I wasn’t depressed. Or perhaps I was. Either way, I knew I just had a lot of repressed words because I stopped nurturing myself.
The top writer tags started to roll in near the end of January — less than 30 days after I started writing consistently again and right before my mental break.
It started with Productivity, quickly followed by Entrepreneurship. Those tags didn’t surprise me much. I had gotten them before in the past.
Then Inspiration added itself to the list and I remember sitting in front of the computer, blinking, and thinking — what?
It made no sense. Turns out it was this story that contributed to the unsuspecting accolade.
I wrote it as a retaliation piece towards all the Kon Marie stories that were in mass circulation at the time. I didn’t want to go with the flow. I’ve read her book and her methods, while well-meaning, would never work for me — not in the manner that she’s proposing.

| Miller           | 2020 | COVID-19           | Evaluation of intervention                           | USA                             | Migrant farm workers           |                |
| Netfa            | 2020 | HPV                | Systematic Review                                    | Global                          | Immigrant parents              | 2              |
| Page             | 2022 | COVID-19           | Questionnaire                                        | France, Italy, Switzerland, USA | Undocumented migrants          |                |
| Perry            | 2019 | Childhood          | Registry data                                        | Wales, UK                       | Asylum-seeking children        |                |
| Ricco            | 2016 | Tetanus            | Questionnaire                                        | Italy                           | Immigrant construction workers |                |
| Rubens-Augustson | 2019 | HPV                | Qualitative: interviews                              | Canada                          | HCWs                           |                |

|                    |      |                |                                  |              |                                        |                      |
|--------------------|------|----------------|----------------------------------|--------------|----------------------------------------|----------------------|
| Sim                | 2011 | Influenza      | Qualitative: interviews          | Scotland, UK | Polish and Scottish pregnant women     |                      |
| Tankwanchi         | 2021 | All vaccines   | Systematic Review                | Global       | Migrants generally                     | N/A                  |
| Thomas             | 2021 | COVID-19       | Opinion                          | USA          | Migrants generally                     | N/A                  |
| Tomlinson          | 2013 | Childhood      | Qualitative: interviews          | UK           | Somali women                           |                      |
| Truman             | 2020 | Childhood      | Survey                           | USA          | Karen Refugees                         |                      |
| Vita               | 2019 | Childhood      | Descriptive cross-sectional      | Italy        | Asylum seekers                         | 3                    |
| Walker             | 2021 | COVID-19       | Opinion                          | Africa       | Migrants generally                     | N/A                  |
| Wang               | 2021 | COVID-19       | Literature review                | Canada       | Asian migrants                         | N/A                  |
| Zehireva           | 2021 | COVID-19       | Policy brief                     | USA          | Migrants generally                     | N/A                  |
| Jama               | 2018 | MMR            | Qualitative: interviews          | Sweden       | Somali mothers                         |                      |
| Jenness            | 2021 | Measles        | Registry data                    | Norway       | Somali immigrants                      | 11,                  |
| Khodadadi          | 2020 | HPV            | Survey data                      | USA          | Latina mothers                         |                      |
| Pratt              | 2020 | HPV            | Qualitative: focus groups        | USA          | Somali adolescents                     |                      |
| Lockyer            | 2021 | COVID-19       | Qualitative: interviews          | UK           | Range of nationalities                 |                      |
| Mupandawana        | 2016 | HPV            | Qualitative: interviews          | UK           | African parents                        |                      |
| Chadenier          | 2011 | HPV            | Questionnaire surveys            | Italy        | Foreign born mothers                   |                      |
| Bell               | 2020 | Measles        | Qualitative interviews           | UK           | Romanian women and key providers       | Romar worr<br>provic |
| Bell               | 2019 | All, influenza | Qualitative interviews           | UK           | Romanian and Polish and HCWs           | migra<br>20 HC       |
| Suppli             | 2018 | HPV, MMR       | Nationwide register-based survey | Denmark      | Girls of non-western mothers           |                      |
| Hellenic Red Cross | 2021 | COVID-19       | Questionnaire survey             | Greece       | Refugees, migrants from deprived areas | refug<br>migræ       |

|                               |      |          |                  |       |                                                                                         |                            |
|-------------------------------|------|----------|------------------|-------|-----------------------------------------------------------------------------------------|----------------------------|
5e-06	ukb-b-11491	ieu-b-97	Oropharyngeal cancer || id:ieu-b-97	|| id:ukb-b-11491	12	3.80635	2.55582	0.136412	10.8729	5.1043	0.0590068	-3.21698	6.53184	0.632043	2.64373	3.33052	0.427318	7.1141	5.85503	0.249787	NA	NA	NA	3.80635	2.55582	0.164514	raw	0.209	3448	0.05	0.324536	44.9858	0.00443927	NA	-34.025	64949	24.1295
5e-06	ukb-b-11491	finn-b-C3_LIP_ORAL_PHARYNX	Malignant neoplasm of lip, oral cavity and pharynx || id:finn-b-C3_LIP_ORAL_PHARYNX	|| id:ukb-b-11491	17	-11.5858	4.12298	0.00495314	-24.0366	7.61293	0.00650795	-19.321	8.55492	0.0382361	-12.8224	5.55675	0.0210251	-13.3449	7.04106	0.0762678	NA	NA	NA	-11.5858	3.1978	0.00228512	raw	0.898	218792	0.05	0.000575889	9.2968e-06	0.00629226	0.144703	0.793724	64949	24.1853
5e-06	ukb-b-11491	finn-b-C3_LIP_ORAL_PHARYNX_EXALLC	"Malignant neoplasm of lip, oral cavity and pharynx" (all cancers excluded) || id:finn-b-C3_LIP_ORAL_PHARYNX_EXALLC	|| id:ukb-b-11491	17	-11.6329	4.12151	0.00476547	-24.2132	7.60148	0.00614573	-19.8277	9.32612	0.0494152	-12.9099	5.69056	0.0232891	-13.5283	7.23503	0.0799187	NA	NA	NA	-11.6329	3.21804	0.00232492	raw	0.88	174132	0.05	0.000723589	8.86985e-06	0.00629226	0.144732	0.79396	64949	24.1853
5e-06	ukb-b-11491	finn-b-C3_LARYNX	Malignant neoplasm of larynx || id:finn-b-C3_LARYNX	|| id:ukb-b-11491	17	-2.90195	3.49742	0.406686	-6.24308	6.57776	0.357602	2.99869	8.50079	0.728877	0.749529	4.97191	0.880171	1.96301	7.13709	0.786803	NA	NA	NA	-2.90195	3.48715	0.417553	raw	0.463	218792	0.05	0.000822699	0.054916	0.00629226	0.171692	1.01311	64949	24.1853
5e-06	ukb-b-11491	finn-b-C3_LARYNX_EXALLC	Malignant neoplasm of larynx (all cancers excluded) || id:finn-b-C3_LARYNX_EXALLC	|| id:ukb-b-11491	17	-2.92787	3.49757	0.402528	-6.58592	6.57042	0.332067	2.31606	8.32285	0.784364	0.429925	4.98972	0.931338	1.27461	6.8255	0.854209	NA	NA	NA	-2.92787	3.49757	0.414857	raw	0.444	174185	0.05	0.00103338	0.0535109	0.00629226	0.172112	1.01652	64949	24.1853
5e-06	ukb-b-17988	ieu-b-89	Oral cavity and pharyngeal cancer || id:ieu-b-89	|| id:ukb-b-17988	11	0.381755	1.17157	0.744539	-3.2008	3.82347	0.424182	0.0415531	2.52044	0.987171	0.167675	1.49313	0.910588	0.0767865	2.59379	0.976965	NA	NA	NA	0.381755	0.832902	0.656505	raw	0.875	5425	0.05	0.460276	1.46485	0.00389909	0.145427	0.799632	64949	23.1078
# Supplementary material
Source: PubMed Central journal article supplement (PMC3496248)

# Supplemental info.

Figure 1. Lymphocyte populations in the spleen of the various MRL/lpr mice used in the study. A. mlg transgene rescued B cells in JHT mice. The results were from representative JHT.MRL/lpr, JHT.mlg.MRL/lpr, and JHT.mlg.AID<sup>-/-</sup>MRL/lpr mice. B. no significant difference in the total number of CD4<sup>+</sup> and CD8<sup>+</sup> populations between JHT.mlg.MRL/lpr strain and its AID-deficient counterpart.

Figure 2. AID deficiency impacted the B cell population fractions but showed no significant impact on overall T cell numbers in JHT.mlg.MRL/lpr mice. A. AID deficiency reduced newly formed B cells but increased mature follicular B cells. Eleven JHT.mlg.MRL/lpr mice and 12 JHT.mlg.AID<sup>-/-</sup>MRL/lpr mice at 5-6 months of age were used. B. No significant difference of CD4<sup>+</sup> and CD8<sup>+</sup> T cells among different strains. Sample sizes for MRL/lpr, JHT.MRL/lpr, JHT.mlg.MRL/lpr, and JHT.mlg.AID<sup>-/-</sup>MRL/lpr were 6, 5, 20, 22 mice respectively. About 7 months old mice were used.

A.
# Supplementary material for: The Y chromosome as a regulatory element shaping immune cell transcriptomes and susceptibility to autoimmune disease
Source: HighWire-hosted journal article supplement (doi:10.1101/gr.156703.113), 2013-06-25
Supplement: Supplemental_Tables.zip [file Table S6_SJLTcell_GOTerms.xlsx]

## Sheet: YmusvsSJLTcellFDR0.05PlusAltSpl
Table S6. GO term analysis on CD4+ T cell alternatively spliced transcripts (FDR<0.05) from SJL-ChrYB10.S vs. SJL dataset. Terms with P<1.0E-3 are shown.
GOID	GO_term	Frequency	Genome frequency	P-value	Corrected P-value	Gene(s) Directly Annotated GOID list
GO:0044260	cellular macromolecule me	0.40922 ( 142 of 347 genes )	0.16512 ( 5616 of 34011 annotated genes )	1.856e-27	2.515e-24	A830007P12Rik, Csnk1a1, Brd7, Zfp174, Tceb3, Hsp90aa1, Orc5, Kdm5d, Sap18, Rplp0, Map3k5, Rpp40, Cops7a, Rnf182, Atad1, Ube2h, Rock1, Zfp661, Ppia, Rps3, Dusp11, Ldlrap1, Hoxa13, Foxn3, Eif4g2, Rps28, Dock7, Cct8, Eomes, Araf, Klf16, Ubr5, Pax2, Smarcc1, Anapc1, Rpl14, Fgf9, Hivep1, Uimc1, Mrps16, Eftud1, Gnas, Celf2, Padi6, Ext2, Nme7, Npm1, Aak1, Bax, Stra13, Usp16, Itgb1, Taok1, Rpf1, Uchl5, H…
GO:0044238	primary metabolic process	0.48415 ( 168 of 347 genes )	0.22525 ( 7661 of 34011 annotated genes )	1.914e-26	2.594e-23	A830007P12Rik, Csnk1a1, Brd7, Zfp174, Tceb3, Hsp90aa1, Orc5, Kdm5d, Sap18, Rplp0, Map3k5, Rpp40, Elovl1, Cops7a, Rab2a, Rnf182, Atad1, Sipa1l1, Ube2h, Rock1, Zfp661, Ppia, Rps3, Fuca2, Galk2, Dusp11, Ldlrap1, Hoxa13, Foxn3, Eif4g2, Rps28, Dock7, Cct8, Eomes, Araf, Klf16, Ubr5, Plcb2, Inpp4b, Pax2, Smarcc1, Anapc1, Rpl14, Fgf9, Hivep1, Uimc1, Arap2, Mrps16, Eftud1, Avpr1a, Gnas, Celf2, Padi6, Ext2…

I made no direct reference to Kon Marie and wrote it from the perspective of my current situation. A large group of people found it inspirational enough to send claps along my way. Around that time, I started writing from an authentic space in my head and it was around that time I realized that I was not alone in my thoughts — that I’m not a strange weirdo but someone who shared in the collective experiences of others.
When I started writing, I knew that I had to make time. People often look at me and think you’ve got plenty of time! — all because I’m currently a stay at home mom.
But I’ve got dreams too — and things to do. The child hates it when I sit in front of the computer. Then there’s the learning part of my personal vows to do more and be more.
It didn’t take me long to notice that they’re just excuses. Writing doesn’t have to take long — just as long as I write something. So I do it during the baby’s day nap time — which isn’t that long at all.
The time constraint helped me focus and pre-order my thoughts before I had to sit down and write something coherent. It’s hard to write when you haven’t prepped your brain for it. During my ‘down time’ with the child, I think. I run sentences through my head and ideas past a fine tooth comb. I examine my biases and prejudices. I lay them out before me and then break them into tiny little pieces — so that when the time comes to write about it, I have all that I need ready.